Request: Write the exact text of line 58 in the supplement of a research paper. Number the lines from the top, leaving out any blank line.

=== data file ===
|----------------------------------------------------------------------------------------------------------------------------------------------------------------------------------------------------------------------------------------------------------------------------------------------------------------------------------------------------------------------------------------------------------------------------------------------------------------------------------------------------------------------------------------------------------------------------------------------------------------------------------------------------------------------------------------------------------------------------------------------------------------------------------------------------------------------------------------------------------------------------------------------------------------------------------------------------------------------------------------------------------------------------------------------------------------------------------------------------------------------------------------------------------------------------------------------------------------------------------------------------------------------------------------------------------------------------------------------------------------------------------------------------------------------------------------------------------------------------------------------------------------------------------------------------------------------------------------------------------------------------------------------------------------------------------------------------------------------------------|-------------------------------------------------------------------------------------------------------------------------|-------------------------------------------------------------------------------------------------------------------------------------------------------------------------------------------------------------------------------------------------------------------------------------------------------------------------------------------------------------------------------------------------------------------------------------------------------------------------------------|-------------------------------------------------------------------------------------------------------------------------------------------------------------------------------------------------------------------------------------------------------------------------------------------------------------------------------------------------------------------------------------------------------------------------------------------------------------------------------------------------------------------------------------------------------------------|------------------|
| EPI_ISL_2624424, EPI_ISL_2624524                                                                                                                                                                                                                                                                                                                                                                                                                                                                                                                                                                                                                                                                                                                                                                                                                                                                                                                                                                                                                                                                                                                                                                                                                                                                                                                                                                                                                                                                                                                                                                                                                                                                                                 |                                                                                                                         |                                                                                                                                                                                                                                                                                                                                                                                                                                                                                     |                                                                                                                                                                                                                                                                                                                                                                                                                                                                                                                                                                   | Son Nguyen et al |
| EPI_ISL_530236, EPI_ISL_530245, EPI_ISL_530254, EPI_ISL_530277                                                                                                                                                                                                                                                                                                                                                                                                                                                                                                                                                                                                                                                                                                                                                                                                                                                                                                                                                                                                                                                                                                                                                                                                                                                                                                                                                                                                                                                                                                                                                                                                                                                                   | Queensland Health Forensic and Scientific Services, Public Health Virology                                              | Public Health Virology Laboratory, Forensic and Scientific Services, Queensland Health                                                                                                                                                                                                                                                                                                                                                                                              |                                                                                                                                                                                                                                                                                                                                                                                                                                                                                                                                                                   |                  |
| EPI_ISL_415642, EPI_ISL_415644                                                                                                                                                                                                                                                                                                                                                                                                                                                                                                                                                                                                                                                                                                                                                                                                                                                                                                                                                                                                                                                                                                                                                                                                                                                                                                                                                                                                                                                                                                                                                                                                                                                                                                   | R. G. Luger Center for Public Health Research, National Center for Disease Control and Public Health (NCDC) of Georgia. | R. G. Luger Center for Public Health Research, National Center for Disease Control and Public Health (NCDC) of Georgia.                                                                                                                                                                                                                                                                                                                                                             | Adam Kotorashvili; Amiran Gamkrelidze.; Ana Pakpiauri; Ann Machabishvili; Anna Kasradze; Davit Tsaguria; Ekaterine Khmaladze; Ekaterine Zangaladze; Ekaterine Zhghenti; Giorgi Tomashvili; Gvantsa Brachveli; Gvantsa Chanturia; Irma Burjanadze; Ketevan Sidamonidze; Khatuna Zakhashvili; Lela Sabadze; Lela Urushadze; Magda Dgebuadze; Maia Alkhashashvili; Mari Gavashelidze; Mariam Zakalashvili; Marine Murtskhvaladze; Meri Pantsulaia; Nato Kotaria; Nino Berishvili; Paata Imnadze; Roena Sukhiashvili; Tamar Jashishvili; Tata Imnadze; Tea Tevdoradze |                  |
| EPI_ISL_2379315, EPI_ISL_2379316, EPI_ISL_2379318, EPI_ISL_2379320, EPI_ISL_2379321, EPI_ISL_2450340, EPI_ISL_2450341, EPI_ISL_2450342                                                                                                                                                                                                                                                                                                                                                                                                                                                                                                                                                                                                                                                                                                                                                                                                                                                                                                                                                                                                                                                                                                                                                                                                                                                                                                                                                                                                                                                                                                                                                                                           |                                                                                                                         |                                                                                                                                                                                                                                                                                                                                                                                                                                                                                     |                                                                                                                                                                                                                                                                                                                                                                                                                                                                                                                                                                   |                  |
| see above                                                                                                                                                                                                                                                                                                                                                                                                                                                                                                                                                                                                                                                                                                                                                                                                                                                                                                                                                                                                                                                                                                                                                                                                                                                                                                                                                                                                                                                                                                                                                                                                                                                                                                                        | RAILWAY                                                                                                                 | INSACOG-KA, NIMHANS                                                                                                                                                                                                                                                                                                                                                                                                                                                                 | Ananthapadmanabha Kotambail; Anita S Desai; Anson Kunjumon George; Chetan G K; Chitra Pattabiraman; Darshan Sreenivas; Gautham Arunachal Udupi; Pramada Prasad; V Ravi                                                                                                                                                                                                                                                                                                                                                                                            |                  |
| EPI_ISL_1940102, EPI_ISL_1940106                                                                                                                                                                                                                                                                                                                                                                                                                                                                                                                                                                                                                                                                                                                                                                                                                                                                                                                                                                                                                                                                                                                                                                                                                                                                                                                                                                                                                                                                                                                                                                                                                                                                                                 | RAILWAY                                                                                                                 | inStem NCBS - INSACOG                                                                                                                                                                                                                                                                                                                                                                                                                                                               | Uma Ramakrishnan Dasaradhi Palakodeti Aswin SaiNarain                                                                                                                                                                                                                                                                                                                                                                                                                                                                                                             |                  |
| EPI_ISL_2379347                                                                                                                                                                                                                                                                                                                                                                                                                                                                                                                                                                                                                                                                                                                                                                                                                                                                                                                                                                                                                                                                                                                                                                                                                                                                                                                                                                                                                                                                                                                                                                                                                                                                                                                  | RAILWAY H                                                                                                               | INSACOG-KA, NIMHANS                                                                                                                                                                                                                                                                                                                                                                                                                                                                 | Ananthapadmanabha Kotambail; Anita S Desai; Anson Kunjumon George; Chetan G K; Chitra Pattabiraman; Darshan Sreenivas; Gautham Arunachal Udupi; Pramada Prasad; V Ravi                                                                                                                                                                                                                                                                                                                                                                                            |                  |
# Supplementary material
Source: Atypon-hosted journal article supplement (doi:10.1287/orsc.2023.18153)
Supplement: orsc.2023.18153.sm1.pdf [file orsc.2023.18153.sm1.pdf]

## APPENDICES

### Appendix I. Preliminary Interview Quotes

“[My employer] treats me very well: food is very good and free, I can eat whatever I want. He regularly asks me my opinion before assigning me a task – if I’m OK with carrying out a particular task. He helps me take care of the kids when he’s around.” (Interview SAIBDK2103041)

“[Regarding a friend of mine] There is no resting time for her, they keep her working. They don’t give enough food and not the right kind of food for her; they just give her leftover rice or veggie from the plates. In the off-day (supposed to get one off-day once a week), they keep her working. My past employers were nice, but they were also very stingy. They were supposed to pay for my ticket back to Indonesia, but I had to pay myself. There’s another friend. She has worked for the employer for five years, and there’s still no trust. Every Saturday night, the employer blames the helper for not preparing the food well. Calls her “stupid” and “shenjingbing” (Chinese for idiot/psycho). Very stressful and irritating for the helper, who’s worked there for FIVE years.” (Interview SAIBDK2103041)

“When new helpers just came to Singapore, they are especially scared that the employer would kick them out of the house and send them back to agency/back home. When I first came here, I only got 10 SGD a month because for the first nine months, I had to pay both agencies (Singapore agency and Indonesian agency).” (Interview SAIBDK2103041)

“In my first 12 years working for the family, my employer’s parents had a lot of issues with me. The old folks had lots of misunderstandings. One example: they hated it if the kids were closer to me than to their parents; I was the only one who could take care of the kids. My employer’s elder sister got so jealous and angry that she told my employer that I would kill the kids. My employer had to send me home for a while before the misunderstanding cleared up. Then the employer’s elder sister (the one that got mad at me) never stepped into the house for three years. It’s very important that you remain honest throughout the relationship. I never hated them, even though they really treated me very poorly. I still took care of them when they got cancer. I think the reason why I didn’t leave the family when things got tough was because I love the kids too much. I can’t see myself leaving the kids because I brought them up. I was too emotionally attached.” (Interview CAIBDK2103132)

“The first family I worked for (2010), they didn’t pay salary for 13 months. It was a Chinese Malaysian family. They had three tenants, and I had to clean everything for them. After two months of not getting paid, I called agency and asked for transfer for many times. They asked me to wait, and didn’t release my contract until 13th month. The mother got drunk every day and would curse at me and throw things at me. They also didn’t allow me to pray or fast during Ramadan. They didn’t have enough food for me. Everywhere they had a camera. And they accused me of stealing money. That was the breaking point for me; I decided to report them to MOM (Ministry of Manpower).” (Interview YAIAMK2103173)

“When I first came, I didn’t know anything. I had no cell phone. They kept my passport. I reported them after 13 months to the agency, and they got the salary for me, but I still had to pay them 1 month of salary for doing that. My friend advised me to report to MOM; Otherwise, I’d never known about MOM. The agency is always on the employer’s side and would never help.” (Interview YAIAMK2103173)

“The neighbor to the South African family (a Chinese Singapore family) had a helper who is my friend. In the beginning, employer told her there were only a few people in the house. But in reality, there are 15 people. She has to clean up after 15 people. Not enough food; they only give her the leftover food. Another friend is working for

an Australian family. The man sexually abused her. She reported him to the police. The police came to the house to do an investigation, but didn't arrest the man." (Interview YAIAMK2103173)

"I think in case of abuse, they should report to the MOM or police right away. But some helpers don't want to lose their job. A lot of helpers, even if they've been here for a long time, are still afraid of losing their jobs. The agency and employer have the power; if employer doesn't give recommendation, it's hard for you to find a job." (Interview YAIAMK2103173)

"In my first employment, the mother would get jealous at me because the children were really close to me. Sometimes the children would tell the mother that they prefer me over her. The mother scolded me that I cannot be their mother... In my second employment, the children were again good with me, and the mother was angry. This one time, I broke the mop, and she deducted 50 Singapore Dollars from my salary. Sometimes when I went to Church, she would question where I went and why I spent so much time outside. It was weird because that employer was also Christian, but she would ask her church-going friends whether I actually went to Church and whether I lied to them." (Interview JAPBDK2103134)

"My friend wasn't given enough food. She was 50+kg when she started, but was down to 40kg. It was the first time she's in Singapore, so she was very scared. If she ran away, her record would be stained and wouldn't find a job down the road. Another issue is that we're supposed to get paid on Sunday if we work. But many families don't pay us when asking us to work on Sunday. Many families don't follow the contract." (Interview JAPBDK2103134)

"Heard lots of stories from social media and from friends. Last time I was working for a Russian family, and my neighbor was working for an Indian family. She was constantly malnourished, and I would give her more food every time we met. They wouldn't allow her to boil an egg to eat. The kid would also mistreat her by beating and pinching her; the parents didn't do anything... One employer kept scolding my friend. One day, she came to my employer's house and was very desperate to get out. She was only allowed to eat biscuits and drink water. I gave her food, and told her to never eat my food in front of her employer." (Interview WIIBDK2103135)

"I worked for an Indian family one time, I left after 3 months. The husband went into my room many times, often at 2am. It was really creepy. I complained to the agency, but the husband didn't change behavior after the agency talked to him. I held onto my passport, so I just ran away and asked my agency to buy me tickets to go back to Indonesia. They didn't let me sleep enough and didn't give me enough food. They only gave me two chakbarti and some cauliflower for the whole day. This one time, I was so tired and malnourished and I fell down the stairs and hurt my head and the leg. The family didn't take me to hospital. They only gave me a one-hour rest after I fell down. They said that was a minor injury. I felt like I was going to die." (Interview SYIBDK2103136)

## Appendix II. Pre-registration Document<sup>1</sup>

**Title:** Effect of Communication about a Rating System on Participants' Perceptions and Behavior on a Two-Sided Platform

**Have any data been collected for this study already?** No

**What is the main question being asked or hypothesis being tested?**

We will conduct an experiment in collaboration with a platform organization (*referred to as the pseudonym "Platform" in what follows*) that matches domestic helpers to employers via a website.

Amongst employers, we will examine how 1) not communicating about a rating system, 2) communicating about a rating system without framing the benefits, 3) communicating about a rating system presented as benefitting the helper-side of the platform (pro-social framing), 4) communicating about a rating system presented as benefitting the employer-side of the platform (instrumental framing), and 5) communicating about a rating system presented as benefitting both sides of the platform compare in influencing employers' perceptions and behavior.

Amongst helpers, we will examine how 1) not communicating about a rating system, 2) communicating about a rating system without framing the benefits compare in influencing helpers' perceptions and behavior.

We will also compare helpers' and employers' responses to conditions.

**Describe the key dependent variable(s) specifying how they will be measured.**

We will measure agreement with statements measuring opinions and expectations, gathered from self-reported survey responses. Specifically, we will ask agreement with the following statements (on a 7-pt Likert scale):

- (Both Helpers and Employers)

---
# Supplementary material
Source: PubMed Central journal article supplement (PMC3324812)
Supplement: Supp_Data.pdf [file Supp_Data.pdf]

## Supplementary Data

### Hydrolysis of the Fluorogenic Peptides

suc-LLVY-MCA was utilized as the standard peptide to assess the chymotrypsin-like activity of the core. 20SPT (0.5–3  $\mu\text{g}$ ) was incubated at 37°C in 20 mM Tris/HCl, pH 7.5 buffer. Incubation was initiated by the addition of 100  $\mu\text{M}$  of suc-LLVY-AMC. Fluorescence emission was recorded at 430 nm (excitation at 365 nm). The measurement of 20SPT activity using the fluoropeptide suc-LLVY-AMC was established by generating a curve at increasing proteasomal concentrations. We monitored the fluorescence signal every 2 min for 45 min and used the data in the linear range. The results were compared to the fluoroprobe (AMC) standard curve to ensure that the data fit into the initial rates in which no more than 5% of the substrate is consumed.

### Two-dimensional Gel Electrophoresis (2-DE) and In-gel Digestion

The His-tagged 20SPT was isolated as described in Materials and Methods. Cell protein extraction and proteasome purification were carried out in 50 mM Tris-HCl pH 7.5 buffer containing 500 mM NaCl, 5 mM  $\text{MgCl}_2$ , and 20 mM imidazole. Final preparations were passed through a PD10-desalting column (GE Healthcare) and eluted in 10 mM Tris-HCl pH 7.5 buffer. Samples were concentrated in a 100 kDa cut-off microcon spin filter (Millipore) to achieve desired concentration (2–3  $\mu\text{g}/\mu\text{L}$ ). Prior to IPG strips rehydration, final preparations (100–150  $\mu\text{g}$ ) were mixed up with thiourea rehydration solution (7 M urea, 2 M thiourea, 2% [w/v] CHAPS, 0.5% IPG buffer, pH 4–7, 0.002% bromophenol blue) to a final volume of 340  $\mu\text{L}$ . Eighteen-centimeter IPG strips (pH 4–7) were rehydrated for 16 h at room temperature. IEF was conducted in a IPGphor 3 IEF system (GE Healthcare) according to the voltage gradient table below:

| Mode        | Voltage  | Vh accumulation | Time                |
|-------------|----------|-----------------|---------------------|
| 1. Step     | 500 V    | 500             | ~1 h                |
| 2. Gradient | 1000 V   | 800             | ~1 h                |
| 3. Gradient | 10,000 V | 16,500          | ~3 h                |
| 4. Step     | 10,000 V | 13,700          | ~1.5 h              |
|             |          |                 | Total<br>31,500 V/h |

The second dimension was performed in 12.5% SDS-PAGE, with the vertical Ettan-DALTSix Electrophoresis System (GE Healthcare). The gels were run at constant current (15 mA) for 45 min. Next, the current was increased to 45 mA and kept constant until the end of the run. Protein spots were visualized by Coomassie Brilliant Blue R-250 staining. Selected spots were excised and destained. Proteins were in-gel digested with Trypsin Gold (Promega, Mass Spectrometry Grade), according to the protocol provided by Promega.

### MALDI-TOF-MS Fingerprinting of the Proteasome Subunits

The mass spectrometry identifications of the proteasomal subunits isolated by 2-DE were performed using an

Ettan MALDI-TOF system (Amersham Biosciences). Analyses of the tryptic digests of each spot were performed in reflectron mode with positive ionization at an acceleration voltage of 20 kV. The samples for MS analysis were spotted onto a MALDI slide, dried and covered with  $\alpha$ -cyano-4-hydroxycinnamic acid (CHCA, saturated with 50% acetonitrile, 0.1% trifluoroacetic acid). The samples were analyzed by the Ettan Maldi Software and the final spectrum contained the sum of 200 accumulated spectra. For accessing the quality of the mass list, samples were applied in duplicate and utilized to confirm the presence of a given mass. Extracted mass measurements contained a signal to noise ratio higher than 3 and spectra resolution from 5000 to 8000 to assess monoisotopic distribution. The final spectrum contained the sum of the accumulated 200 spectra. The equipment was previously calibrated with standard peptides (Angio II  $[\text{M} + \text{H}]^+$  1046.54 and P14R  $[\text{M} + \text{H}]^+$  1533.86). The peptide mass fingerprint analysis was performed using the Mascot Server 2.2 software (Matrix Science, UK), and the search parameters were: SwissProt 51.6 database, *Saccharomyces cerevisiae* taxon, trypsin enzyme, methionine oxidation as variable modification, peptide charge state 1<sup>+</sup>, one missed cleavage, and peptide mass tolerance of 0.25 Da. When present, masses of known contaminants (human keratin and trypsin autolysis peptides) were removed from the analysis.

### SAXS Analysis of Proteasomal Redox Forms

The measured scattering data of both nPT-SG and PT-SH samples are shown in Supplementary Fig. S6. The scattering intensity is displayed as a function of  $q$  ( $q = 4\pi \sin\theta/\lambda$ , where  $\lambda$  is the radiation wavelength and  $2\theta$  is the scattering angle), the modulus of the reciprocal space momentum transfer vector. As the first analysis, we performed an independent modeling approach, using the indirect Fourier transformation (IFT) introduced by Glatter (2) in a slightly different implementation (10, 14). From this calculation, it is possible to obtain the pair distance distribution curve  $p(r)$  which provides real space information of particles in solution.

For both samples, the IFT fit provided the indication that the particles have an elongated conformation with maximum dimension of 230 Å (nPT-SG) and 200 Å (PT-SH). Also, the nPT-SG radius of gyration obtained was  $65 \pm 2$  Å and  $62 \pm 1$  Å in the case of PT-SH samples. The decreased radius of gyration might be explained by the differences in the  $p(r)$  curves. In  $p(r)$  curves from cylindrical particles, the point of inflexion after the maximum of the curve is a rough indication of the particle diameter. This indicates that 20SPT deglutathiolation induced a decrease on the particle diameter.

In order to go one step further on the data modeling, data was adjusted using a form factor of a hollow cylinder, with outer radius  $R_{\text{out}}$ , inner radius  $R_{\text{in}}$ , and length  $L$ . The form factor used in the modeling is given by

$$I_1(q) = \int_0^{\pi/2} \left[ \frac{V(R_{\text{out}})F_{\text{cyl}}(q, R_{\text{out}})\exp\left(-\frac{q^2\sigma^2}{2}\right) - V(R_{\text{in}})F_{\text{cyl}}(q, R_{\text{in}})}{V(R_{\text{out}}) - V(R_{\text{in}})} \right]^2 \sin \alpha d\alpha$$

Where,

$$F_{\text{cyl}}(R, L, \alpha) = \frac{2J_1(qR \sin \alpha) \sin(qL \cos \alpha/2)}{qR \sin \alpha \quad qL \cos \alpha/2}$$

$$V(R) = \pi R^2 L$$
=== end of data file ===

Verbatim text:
### SAXS Analysis of Proteasomal Redox Forms